Understanding the Difference Between Criminal and Civil Claims in Maine

Although many individuals involved in accidents file personal injury lawsuits after a car collision, sometimes people assume that if the at-fault party is facing criminal charges following a car accident, that they do not have to file a personal injury suit. This assumption is incorrect and could cost you, as the potential plaintiff, the opportunity to collect compensation following a major accident.

According to a recent news report, a suspected drunk driver injured an attendant after crashing into a toll booth. At around 1:40am, state police reported that the driver lost control of their vehicle and crashed into the booth, causing a fire to break out. The shattered glass and debris from the impact of the car hit the toll attendant on duty, who was taken to the hospital. The driver of the vehicle was charged with aggravated operating under the influence and has previous convictions for speeding and driving to endanger and multiple suspensions. The attendant was released from the hospital but was still in pain and explained he felt lucky to have escaped alive from the accident.

Even though the at-fault driver in this accident was charged with aggravated operating under the influence, this does not mean that the toll booth worker will automatically receive compensation for their injuries. To receive compensation for physical injuries or property damage following a car accident, a separate personal injury claim must be filed in civil court.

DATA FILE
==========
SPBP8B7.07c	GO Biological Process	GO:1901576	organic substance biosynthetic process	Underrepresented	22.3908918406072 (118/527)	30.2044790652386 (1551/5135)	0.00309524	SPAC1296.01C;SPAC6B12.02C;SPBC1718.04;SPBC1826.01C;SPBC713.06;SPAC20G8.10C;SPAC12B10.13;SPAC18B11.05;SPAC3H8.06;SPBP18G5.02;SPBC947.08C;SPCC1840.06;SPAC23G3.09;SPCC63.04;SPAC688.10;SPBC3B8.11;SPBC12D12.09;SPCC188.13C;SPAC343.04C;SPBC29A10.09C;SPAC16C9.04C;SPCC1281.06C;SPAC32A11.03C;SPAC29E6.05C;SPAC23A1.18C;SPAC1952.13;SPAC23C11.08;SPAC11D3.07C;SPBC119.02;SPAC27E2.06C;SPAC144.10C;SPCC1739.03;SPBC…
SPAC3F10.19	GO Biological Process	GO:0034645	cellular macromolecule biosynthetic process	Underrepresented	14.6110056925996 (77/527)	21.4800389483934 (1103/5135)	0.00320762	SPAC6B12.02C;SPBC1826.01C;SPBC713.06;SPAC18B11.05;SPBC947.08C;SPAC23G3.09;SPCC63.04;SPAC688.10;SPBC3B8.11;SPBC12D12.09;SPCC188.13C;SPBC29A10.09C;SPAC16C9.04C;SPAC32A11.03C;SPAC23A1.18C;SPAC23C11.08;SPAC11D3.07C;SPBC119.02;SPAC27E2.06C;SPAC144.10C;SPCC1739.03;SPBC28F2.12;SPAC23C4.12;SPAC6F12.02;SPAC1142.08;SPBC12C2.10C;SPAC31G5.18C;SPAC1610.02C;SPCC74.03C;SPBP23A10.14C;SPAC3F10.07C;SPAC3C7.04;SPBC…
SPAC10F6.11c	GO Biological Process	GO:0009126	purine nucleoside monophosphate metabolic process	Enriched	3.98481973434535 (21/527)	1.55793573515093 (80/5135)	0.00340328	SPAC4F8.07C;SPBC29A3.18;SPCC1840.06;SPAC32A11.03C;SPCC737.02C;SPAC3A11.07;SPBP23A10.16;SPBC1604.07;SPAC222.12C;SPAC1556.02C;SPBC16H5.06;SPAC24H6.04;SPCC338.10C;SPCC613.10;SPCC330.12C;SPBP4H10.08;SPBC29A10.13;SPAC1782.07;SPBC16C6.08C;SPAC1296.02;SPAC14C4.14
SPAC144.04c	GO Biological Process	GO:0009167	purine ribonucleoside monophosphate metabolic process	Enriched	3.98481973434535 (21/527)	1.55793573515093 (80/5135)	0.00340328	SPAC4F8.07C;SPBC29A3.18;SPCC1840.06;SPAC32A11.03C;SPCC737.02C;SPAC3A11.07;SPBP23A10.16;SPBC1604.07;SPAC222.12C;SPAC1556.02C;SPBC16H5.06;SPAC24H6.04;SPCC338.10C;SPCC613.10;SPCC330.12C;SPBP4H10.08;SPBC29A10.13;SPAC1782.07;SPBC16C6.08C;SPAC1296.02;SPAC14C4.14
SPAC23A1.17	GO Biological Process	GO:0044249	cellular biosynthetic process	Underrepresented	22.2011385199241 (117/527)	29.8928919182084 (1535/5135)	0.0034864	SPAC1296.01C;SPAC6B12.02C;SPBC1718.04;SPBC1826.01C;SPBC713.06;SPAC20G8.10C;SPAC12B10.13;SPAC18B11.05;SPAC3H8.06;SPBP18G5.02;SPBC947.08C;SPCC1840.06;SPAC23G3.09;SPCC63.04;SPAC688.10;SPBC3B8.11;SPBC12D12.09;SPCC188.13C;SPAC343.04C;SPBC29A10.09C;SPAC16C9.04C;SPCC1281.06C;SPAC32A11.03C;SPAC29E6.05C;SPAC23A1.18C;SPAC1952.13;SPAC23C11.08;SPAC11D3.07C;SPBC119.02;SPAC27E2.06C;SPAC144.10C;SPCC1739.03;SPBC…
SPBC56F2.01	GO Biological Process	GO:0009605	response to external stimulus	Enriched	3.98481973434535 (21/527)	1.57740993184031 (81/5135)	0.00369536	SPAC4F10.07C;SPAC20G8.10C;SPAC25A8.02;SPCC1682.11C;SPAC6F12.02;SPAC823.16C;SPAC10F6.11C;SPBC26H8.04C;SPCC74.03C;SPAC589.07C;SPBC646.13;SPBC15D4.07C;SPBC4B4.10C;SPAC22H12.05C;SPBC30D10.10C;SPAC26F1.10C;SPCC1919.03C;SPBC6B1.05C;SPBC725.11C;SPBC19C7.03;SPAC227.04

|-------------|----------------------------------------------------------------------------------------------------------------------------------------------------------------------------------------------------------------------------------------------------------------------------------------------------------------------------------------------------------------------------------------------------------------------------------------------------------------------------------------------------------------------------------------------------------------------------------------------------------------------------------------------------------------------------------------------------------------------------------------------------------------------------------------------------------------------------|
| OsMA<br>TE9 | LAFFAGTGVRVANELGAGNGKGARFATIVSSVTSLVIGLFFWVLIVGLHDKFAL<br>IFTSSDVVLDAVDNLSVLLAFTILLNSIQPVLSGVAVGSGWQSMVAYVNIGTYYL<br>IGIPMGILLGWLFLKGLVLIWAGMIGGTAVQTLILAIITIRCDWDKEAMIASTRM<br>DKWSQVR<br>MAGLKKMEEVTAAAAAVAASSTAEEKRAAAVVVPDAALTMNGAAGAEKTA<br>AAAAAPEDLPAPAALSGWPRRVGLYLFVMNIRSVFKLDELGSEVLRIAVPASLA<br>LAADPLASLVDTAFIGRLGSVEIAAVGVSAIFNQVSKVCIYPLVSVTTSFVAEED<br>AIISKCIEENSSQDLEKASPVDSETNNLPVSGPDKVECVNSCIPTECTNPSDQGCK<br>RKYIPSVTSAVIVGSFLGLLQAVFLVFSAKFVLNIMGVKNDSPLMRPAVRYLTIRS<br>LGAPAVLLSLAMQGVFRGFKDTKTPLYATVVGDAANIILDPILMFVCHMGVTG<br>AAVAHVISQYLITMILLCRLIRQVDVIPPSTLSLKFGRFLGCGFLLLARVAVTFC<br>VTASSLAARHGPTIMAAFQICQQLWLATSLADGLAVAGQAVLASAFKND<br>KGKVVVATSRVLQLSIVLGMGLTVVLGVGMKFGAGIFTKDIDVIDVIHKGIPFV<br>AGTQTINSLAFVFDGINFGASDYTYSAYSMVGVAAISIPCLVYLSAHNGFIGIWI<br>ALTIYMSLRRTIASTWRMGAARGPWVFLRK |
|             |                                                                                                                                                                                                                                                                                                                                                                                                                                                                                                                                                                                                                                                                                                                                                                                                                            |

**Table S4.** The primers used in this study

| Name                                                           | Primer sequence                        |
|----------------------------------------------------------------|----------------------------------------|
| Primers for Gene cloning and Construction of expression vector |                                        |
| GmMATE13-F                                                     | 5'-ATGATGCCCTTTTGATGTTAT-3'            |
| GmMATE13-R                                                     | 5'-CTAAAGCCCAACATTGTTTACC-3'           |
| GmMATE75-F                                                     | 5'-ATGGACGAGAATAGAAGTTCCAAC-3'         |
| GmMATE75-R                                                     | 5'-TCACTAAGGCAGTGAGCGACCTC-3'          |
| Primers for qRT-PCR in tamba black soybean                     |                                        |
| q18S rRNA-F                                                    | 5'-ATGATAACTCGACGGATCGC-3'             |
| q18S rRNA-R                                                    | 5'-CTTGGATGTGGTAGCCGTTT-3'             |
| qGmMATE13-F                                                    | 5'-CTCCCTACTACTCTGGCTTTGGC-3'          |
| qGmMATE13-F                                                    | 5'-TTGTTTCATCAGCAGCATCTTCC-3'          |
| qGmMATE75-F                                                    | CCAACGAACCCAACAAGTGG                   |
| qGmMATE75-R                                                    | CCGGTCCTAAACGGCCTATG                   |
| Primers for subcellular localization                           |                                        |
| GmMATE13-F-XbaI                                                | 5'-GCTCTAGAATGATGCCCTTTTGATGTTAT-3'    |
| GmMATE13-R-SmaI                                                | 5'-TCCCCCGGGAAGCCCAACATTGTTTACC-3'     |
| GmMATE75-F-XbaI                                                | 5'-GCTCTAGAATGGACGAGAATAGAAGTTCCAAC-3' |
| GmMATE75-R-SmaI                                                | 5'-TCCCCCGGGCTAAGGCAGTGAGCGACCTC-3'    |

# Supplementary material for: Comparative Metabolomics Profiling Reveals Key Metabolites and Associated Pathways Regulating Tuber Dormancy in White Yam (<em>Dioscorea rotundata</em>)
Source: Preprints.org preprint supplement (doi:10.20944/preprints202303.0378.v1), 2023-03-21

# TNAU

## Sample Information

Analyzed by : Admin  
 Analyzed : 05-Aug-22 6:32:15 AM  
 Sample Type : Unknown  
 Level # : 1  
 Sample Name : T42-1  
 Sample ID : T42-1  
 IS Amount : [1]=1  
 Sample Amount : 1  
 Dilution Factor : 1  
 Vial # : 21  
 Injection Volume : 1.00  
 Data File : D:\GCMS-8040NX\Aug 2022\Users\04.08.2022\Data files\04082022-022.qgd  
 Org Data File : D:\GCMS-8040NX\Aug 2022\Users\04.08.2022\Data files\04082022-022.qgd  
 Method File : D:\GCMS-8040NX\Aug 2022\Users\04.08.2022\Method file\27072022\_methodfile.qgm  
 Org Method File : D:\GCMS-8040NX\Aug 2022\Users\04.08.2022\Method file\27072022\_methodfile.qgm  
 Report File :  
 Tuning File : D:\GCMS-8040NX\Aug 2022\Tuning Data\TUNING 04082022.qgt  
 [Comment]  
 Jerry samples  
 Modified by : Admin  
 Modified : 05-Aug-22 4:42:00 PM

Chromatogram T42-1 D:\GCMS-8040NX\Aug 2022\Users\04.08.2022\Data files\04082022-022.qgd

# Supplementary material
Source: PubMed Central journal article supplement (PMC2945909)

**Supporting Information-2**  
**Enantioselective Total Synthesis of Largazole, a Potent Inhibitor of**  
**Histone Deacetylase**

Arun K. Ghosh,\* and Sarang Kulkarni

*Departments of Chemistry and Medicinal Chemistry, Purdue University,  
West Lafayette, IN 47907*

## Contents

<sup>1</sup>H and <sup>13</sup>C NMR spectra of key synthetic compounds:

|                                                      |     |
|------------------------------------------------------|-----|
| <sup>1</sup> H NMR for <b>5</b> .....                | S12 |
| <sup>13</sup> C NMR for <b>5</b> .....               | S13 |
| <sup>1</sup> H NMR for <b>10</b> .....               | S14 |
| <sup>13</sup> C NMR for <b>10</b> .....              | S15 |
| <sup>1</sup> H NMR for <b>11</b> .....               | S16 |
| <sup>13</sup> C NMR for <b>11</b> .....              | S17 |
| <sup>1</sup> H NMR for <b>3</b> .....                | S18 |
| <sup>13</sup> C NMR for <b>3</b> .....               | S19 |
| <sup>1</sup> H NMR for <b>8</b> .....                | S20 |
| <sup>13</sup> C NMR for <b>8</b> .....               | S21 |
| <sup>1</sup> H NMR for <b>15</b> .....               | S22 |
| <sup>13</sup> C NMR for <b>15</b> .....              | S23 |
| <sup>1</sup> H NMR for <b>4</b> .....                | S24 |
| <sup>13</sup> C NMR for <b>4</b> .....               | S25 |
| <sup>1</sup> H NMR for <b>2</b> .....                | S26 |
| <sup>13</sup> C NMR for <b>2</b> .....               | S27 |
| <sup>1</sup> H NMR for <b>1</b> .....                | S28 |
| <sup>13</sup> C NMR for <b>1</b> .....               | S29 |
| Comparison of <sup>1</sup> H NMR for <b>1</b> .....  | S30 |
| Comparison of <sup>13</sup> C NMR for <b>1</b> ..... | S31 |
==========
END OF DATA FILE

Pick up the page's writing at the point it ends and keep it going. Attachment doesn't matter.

In criminal cases, the state acts as the prosecution and the at-fault party who was charged is the defendant. In these cases, if the defendant is found guilty, they face jail time, fines, or community service, among other types of punitive measures, which are enforced by the state. Criminal cases, however, do not involve the victim of the accident as a party to the suit. Thus, if the victim of the accident seeks to receive compensation from the at-fault party, they must file a case separately in civil court.

Following a major accident, filing a personal injury lawsuit in Maine means you may be subject to rules that are specific to civil cases. To maximize your chances of success, it is crucial that these procedures and requirements are met.

For example, Maine, like other states, has limits on the amount of time that you have to file your personal injury lawsuit. In Maine, this statute of limitations is six years, which begins to run from the date of your accident. Although Maine’s statute of limitations is comparatively longer than other states, it is crucial that your claim is filed before the deadline or the court may decline to hear it.

In addition, Maine uses a modified comparative fault framework in personal injury cases. This means that an injured party’s compensation is reduced by the percentage of fault assigned to them, as long as the percentage is under 50 percent. If the injured party’s fault is 50 percent or higher, they will be barred from collecting compensation.

Do You Need a Maine Personal Injury Lawyer?

If you or someone you know was recently involved in a Maine car accident, contact the attorneys at Peter Thompson & Associates today. Our lawyers have years of experience representing clients in all types of personal injury claims and will work to ensure that you get the compensation you deserve. To schedule a free consultation today, contact us at 1-800-804-2004.

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